QIC: Mr. Clean
PAX: V-Squared, Dolly, Sunburn (Respect), and Brain Fart
It was chilly. Cold enough for an extra layer, but it was warm enough for the top layer to be shed fairly quickly. No real fog or humidity to speak of.
SSH x25 IC
Forward Fold OYO
Willie Mays Hays x15 IC
High Knees x15 IC
Forward Fold OYO
V-Squared seemed to have coined the term Youra this morning. In my efforts to communicate the plan for exercises by saying, “it’s much like a Dora. but not really because you do a lot on your own.” Youra was born. Thanks V!
500 reps total. Running to a chosen light pole every 25 reps of each set of 100.
Mosey to the wall and hill.
10 Dips at bottom
BearCrawl to the Top and complete 1 Squat
Mosey back down.
Rinse and repeat until time got us. Mosey back to the flag.
Standard 7.42 of the Tennessee State Standards cover Thomas Aquinas and Humanism. As I was developing some curriculum materials along with F3 — Petrino yesterday, we discussed how much the idea of Humanism had changed compared to the original writings of the guy that proposed it.
There is a school in Florida that “rolls” out the atheletes from year to year. The school is Saint Thomas Aquinas, yes, SAINT Thomas Aquinas.
Thomas Aquinas was a theologian AND philosopher. He deveoted his life to educating people both in (pastoral) and rational (intellectual). He believed strongly in his Christian faith. His teachings have stood the test of time; because, he proposed ways in which faith and rationale live in harmony.
At times, faith becomes so mystified, some are either turned away from or cannot understand it. Philosophy, at times, opens the door for such self-serving purposes that it also turns people away or causes us to make poor decisions.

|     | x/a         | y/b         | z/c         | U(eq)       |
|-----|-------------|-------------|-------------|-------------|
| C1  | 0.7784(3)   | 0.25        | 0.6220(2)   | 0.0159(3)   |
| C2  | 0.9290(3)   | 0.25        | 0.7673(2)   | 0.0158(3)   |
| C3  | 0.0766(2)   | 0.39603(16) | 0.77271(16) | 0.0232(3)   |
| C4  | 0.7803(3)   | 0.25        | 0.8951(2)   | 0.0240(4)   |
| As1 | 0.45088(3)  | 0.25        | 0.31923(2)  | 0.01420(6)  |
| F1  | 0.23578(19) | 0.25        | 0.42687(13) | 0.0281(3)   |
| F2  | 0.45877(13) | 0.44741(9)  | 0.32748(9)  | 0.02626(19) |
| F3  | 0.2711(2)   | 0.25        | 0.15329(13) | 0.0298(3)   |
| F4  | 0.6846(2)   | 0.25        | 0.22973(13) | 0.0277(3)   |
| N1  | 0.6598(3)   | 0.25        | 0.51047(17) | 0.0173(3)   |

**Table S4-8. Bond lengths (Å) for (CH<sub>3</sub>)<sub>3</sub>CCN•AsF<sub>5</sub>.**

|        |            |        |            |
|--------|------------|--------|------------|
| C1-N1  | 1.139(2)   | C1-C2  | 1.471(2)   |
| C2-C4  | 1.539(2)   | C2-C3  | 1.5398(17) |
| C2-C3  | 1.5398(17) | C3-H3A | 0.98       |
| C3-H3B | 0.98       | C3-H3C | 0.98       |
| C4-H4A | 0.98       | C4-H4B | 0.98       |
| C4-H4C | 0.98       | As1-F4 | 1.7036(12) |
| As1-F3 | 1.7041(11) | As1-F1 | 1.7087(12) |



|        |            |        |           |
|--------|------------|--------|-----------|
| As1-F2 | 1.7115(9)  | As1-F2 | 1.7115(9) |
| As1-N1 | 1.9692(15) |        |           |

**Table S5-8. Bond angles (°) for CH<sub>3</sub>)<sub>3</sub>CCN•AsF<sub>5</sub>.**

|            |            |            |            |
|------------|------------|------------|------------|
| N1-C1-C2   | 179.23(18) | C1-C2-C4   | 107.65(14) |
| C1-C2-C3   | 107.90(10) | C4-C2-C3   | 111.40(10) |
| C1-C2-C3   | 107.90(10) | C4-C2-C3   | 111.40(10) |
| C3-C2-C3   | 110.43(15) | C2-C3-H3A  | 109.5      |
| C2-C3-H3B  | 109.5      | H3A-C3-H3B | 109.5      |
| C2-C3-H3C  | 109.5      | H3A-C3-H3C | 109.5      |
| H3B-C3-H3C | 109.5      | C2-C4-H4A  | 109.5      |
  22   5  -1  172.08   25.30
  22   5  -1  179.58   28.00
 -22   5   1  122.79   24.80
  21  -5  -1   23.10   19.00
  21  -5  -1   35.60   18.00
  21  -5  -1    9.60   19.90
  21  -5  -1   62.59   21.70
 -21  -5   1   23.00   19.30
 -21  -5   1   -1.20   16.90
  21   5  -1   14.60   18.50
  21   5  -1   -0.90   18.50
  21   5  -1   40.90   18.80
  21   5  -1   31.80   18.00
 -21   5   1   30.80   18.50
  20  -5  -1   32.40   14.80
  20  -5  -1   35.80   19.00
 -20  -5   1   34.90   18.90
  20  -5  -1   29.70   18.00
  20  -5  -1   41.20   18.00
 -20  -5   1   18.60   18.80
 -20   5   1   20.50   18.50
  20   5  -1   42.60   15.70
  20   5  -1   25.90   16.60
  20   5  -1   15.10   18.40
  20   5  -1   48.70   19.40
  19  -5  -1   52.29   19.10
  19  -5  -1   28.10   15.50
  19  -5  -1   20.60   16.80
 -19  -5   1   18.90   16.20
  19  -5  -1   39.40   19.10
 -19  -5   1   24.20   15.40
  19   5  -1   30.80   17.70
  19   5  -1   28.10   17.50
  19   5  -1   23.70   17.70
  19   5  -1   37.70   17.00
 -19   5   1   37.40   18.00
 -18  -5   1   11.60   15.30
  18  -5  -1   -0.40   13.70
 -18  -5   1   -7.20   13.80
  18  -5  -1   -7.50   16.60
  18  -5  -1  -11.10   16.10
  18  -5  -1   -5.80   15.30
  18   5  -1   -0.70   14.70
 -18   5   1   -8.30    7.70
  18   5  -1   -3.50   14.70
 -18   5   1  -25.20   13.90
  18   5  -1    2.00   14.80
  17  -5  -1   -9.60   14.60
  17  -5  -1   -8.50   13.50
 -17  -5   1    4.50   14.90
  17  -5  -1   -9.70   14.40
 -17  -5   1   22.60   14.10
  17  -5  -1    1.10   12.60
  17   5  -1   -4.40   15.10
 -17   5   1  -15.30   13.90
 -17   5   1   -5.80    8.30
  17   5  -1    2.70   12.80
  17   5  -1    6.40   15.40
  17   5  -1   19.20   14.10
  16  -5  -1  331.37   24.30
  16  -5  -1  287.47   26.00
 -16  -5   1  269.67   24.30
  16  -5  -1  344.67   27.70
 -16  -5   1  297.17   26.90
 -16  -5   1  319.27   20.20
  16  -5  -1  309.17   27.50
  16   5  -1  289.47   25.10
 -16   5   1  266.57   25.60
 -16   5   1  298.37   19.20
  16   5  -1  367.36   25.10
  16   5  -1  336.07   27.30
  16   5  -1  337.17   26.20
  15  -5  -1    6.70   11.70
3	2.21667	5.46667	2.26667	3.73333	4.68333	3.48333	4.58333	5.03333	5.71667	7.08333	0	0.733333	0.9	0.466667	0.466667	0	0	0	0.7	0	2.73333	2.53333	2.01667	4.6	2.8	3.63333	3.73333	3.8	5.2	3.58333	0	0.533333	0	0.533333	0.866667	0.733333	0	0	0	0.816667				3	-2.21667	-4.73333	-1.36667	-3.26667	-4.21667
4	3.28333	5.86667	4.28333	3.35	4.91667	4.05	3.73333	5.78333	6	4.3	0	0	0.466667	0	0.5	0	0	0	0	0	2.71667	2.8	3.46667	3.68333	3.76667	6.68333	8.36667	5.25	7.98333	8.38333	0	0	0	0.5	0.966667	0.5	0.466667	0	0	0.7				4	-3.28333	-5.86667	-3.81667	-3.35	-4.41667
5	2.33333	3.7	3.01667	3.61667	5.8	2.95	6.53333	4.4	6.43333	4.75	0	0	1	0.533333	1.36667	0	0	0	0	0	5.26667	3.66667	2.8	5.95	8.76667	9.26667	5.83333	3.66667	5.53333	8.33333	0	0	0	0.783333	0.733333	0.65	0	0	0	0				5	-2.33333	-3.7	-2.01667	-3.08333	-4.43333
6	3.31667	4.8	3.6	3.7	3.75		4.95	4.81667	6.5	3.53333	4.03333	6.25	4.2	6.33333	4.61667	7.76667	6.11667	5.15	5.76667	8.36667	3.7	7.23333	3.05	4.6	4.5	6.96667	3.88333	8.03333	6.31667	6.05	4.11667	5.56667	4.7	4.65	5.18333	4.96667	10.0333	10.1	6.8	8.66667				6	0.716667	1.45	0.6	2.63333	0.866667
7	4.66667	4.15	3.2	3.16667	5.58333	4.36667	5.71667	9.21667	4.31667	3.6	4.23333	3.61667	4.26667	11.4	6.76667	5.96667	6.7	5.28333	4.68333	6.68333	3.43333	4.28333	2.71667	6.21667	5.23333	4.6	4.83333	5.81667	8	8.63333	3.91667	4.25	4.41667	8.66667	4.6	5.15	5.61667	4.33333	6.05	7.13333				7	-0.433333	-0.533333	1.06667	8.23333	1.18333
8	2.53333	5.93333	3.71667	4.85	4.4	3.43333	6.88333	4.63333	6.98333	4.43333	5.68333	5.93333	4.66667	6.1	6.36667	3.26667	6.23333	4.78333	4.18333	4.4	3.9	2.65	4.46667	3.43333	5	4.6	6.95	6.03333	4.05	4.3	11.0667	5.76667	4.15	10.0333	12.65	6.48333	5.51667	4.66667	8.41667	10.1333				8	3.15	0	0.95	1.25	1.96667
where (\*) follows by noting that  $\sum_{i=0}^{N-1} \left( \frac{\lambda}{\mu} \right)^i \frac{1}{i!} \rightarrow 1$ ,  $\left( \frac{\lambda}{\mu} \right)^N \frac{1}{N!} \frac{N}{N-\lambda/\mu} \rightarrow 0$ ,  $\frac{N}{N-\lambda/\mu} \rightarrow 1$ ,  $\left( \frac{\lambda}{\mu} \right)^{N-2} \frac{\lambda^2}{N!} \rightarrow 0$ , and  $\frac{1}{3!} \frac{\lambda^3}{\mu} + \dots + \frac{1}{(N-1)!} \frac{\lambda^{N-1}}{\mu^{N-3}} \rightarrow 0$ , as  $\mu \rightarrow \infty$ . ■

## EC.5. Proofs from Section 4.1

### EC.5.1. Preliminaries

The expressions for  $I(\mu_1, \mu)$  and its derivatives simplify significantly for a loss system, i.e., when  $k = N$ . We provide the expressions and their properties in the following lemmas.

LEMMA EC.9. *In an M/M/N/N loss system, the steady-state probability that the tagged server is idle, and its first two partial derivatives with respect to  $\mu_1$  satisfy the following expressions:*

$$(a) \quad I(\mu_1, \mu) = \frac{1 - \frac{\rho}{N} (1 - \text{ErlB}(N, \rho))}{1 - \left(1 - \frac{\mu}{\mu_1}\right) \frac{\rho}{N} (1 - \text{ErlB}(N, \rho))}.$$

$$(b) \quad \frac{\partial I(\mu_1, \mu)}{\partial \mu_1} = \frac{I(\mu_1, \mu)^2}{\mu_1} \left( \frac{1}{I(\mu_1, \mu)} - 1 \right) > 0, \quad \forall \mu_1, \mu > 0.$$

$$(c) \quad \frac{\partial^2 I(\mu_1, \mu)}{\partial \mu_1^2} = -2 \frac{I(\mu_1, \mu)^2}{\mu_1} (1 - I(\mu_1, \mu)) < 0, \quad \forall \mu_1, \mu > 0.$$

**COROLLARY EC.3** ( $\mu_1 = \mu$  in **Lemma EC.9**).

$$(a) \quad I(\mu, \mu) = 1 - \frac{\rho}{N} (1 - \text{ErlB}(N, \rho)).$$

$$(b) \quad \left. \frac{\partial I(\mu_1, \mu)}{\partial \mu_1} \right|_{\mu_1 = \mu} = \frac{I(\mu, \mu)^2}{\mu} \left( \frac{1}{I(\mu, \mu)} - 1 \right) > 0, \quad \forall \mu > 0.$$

Aquinas taught that these worked together in that our faith helps us learn, fill in the gaps of which rationale simply can’t, and prevent future mistakes often resulting from a pure dependence on rationale. On the other hand, he taught that philosophy can help us understand the world around us better, and it helps to demystify faith in such a way that the human brain can actually understand.
Should you search Humanism on Google today, chances are you would not find the type of Humanism in which Aquinas devoted so much of his life’s work toward. A search now seems to yield articles connecting atheism and Humanism as one in the same, or to be a Humanist one must be an atheist. Why? The guy that proposed this would have completely disagreed!
What can we learn from these articles that seem to be in abundance on Google and Aquinas’ teachings? The human element in which Aquinas did not account for: selfishness had most successfully bastardized the original intent and philosophy of Humanism.
The challenge is this: please do not be those that turn to the self-serving purposes of the world and take an ideal, moral, or ethic and change it for the worse. Change is great, but change does not mean sacrificing ones morals, convictions, and beliefs.
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